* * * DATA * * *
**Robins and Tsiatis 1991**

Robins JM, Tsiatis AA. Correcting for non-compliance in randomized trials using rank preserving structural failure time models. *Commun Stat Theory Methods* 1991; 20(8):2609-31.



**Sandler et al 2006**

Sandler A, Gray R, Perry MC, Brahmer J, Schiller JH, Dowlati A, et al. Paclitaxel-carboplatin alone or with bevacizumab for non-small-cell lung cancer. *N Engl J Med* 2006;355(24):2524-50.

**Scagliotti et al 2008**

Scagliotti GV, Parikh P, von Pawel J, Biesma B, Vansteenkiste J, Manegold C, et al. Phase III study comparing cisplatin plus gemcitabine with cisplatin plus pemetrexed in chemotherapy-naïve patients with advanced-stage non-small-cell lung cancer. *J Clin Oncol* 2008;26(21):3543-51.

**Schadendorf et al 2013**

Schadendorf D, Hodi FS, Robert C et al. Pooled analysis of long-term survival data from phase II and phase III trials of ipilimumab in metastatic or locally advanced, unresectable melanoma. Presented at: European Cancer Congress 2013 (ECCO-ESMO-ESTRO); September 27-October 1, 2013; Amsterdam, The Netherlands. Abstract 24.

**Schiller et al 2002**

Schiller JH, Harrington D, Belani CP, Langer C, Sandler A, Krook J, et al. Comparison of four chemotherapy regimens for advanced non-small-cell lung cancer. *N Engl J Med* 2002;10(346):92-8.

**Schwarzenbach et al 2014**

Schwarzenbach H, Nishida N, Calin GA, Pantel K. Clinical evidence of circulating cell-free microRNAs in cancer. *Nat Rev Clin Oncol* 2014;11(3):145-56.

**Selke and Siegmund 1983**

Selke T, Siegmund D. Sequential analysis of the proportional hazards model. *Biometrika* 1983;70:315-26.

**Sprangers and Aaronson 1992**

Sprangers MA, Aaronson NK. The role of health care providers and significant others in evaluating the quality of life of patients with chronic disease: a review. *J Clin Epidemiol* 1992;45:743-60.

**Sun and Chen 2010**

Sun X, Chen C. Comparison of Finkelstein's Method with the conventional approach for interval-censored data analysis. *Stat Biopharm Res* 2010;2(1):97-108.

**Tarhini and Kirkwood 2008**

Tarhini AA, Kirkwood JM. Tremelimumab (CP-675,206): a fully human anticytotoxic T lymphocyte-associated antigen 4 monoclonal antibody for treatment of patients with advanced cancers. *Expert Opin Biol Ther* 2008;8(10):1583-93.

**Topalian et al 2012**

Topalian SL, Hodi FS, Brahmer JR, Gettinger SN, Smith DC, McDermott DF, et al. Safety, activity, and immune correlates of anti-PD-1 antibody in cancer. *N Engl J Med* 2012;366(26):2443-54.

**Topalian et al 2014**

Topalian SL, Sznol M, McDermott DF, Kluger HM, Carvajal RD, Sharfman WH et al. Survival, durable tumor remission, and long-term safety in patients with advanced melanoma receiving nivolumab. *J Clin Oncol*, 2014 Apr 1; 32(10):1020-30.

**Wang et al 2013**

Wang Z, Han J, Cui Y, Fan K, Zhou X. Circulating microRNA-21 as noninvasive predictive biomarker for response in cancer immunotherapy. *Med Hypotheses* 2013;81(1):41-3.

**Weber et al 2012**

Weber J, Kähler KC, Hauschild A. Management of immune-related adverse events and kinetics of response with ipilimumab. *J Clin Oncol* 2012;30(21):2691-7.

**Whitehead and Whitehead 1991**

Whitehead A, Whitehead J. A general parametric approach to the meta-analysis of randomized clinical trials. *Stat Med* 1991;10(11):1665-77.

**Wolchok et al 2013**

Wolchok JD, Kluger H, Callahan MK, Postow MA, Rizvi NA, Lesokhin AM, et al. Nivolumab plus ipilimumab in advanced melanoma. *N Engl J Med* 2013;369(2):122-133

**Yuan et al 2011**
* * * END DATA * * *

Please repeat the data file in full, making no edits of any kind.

**Robins and Tsiatis 1991**

Robins JM, Tsiatis AA. Correcting for non-compliance in randomized trials using rank preserving structural failure time models. *Commun Stat Theory Methods* 1991; 20(8):2609-31.



**Sandler et al 2006**

Sandler A, Gray R, Perry MC, Brahmer J, Schiller JH, Dowlati A, et al. Paclitaxel-carboplatin alone or with bevacizumab for non-small-cell lung cancer. *N Engl J Med* 2006;355(24):2524-50.

**Scagliotti et al 2008**

Scagliotti GV, Parikh P, von Pawel J, Biesma B, Vansteenkiste J, Manegold C, et al. Phase III study comparing cisplatin plus gemcitabine with cisplatin plus pemetrexed in chemotherapy-naïve patients with advanced-stage non-small-cell lung cancer. *J Clin Oncol* 2008;26(21):3543-51.

**Schadendorf et al 2013**

Schadendorf D, Hodi FS, Robert C et al. Pooled analysis of long-term survival data from phase II and phase III trials of ipilimumab in metastatic or locally advanced, unresectable melanoma. Presented at: European Cancer Congress 2013 (ECCO-ESMO-ESTRO); September 27-October 1, 2013; Amsterdam, The Netherlands. Abstract 24.

**Schiller et al 2002**

Schiller JH, Harrington D, Belani CP, Langer C, Sandler A, Krook J, et al. Comparison of four chemotherapy regimens for advanced non-small-cell lung cancer. *N Engl J Med* 2002;10(346):92-8.

**Schwarzenbach et al 2014**

Schwarzenbach H, Nishida N, Calin GA, Pantel K. Clinical evidence of circulating cell-free microRNAs in cancer. *Nat Rev Clin Oncol* 2014;11(3):145-56.

**Selke and Siegmund 1983**

Selke T, Siegmund D. Sequential analysis of the proportional hazards model. *Biometrika* 1983;70:315-26.

**Sprangers and Aaronson 1992**

Sprangers MA, Aaronson NK. The role of health care providers and significant others in evaluating the quality of life of patients with chronic disease: a review. *J Clin Epidemiol* 1992;45:743-60.

**Sun and Chen 2010**

Sun X, Chen C. Comparison of Finkelstein's Method with the conventional approach for interval-censored data analysis. *Stat Biopharm Res* 2010;2(1):97-108.

**Tarhini and Kirkwood 2008**

Tarhini AA, Kirkwood JM. Tremelimumab (CP-675,206): a fully human anticytotoxic T lymphocyte-associated antigen 4 monoclonal antibody for treatment of patients with advanced cancers. *Expert Opin Biol Ther* 2008;8(10):1583-93.

**Topalian et al 2012**

Topalian SL, Hodi FS, Brahmer JR, Gettinger SN, Smith DC, McDermott DF, et al. Safety, activity, and immune correlates of anti-PD-1 antibody in cancer. *N Engl J Med* 2012;366(26):2443-54.

**Topalian et al 2014**

Topalian SL, Sznol M, McDermott DF, Kluger HM, Carvajal RD, Sharfman WH et al. Survival, durable tumor remission, and long-term safety in patients with advanced melanoma receiving nivolumab. *J Clin Oncol*, 2014 Apr 1; 32(10):1020-30.

**Wang et al 2013**

Wang Z, Han J, Cui Y, Fan K, Zhou X. Circulating microRNA-21 as noninvasive predictive biomarker for response in cancer immunotherapy. *Med Hypotheses* 2013;81(1):41-3.

**Weber et al 2012**

Weber J, Kähler KC, Hauschild A. Management of immune-related adverse events and kinetics of response with ipilimumab. *J Clin Oncol* 2012;30(21):2691-7.

**Whitehead and Whitehead 1991**

Whitehead A, Whitehead J. A general parametric approach to the meta-analysis of randomized clinical trials. *Stat Med* 1991;10(11):1665-77.

**Wolchok et al 2013**

Wolchok JD, Kluger H, Callahan MK, Postow MA, Rizvi NA, Lesokhin AM, et al. Nivolumab plus ipilimumab in advanced melanoma. *N Engl J Med* 2013;369(2):122-133

**Yuan et al 2011**